One of the easiest vegetables
to grow, it will keep growing right through the winter, Swiss
chard is a good source of beta carotene and dietary fibre. Also
known as chard, these greens come from a variety of beet grown
for its stems and leaves, not its root. The dark green leaves
have a a full bodied texture similar to spinach (for which chard
is a good substitute). The fleshy stalks and ribs are either white
or, in red chard, a jewel like red. Unlike many greens, the stalks
of Swiss chard are completely edible. Unless the chard is young,
though, the stalks should be separated from the leaves and given
a little extra cooking time.
Swiss chard should be displayed in a chilled display to preserve
its crispness and sweetness. Look for a fresh green colour, the
leaves should not be yellowed or browned, and purchase only moist,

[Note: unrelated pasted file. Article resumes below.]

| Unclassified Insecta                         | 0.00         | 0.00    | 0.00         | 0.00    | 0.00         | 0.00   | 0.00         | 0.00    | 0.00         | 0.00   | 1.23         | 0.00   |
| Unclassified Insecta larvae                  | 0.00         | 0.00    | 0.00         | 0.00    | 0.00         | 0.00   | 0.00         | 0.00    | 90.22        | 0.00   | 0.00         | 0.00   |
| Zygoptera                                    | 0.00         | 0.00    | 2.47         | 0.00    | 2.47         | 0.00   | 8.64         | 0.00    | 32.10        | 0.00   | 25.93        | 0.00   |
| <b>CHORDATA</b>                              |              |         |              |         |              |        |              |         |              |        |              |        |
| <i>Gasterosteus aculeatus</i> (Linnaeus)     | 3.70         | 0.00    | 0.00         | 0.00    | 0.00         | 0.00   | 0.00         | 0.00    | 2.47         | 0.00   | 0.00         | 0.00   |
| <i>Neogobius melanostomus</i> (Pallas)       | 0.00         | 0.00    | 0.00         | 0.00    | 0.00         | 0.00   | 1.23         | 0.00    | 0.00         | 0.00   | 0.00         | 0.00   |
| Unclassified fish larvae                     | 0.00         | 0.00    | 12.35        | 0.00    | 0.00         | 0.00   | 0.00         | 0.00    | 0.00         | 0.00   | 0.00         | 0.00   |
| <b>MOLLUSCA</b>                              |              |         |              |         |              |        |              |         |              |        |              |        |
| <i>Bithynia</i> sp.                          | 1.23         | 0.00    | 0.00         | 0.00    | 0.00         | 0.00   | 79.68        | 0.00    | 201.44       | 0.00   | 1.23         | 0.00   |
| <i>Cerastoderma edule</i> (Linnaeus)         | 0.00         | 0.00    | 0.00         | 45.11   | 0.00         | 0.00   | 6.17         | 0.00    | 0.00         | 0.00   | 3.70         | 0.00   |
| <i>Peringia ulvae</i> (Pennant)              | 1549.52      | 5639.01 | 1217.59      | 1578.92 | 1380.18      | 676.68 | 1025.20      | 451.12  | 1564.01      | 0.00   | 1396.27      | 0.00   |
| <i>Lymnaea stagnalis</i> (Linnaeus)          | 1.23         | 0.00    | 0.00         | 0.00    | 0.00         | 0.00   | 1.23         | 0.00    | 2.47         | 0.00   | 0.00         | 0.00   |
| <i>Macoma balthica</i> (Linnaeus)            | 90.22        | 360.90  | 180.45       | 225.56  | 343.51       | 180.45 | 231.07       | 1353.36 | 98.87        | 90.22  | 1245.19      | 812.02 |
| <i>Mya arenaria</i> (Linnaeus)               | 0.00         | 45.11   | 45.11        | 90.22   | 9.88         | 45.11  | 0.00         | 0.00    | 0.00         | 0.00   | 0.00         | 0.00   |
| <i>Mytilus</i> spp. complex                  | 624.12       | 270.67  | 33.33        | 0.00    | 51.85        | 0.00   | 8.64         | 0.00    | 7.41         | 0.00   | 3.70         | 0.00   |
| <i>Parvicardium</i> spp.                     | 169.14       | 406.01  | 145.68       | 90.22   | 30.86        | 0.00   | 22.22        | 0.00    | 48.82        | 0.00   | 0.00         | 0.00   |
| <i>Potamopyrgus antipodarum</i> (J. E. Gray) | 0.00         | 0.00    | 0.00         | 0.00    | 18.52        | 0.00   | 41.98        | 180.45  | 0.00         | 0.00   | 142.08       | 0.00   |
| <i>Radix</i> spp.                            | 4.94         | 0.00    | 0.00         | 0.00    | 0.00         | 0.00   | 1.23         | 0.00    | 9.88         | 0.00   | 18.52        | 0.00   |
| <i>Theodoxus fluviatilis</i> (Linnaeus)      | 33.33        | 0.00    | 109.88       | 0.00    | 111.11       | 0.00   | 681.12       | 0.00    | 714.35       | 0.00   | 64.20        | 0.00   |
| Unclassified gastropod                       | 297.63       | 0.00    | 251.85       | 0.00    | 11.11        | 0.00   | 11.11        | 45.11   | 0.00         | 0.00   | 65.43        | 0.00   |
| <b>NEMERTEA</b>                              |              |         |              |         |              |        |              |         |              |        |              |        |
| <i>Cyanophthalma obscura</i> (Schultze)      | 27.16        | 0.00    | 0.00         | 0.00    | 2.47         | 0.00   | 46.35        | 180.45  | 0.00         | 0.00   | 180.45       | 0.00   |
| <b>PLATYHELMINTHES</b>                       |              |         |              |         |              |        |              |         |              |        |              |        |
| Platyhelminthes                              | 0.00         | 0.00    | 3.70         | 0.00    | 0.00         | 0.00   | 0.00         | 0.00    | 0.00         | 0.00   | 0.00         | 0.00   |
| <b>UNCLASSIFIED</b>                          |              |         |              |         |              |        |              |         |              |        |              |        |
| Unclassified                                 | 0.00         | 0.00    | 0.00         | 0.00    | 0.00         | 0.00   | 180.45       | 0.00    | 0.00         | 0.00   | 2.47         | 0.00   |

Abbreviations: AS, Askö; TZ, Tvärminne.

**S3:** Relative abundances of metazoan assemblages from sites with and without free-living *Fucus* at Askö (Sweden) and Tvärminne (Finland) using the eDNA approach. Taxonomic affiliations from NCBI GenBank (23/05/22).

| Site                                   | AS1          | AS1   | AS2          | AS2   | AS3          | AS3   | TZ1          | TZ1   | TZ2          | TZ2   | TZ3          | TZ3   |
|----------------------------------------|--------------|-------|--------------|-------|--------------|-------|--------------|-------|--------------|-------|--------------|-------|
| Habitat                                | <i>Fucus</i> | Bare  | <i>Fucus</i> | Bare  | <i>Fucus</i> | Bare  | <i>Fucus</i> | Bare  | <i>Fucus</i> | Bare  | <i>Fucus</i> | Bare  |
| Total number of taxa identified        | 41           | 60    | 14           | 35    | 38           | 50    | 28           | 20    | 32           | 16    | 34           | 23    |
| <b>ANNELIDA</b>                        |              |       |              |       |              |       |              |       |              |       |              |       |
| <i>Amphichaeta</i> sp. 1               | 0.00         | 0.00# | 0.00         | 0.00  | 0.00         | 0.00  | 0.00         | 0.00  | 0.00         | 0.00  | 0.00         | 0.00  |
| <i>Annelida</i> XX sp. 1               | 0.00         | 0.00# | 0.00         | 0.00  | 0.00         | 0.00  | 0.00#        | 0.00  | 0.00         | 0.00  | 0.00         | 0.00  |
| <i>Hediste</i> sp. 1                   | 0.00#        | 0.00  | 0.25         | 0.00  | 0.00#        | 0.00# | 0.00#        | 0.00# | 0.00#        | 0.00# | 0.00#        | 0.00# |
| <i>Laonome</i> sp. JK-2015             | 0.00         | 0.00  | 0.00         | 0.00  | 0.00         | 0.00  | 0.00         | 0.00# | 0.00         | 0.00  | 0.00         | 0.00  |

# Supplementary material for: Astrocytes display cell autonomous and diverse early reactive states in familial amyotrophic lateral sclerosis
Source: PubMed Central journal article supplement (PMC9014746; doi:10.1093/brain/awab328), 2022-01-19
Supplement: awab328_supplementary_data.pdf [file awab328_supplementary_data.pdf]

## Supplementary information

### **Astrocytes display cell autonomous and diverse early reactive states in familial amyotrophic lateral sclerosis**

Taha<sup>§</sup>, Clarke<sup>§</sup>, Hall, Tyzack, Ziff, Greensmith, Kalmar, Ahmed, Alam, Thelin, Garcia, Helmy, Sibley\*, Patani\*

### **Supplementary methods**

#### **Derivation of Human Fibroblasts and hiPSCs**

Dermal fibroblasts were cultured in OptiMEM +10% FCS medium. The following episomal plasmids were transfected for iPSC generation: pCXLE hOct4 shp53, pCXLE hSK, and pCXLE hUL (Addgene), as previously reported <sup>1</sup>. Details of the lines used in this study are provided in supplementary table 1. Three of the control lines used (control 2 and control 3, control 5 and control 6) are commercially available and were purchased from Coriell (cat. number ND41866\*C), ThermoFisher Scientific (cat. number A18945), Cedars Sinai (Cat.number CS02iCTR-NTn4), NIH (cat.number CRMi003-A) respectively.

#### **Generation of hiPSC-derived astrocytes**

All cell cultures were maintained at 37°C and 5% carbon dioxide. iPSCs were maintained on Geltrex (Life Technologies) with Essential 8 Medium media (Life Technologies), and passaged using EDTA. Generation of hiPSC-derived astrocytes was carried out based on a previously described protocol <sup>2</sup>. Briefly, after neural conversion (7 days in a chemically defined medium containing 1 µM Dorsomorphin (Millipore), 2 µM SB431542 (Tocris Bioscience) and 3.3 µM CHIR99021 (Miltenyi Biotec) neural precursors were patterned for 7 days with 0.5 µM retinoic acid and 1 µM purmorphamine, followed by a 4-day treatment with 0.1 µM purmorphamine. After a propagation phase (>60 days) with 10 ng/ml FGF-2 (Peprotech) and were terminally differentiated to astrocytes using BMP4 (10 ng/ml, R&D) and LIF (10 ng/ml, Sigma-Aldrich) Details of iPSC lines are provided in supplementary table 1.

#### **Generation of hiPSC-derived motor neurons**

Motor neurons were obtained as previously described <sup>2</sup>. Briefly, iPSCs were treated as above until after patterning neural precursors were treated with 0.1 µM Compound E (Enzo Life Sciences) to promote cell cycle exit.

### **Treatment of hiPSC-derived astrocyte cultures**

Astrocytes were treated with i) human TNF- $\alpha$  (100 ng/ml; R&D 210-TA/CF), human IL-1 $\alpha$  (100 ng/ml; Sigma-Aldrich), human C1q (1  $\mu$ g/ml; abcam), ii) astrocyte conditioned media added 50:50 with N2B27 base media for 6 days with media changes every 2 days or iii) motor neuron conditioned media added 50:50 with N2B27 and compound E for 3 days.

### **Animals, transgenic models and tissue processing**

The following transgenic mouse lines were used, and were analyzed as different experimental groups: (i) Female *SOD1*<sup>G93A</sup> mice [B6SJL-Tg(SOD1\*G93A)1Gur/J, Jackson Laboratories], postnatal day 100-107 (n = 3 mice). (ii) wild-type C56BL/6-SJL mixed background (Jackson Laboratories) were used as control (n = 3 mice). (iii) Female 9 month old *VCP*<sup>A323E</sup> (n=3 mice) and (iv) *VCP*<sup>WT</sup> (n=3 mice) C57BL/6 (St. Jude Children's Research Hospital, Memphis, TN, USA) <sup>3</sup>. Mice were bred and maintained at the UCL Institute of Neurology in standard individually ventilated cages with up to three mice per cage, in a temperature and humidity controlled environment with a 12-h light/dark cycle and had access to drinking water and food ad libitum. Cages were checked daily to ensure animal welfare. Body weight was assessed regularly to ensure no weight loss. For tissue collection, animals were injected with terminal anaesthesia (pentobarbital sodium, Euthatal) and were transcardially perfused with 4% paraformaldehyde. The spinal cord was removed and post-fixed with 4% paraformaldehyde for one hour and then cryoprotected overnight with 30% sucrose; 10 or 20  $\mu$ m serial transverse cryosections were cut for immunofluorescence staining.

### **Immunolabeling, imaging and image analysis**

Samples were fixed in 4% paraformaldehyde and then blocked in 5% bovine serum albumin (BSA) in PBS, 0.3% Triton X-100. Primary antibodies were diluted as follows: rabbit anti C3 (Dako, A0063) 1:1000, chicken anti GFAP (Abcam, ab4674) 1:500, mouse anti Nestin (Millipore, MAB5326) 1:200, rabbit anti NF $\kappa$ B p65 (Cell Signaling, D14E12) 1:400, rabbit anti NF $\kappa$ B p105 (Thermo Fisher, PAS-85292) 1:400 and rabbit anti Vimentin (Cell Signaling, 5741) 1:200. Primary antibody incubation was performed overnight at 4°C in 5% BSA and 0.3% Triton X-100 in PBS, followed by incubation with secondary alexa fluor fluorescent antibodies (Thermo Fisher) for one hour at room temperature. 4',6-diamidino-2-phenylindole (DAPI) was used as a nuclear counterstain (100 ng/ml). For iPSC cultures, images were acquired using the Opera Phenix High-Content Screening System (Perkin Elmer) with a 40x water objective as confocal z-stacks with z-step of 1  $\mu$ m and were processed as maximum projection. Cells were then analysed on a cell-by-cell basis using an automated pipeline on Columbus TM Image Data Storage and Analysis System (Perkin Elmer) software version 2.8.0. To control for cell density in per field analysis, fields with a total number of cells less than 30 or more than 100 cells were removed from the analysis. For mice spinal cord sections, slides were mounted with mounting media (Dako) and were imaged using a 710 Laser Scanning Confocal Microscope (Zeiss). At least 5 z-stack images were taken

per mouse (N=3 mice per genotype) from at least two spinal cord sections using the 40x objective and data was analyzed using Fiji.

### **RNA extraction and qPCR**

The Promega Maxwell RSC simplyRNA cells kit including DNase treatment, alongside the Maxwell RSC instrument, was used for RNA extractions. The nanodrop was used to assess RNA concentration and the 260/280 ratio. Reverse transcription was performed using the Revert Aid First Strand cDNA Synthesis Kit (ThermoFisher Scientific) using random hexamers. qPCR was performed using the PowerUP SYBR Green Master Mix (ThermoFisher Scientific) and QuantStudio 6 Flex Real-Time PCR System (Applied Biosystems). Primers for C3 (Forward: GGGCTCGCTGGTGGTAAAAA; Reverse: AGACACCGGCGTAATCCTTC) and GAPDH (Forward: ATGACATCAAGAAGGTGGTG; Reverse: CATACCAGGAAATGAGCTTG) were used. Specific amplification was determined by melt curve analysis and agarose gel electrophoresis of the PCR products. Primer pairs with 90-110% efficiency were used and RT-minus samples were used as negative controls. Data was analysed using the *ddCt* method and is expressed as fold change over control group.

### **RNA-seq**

crisp, unwilted greens, unblemished by tiny holes, which indicate
insect damage. Be sure that the stems are juicy and crisp.
Wrap unwashed Swiss chard in damp paper towels, then place in
a plastic bag; store in the refrigerator for three to five days.
Wash chard leaves and stems before using, as they are likely to
have sand or dirt clinging to them. Separate the leaves from the
stems and swirl the leaves around in a large bowl of cool water.
Lift out, letting the sand and grit settle; repeat if necessary.
Slice or chop as your recipe directs.
Whenever possible, use the cooking liquid from
chard in a gravy or add it to a soup; a significant percentage
of the nutrient content of greens is released into the liquid
as they cook. Don't heat Swiss chard in an aluminum pan; the chard
contains oxalates and it will cause the pan to discolour. Start
cooking the stems a few minutes before adding the leaves. Quick
cooking will help to preserve the colour as well as the nutrients.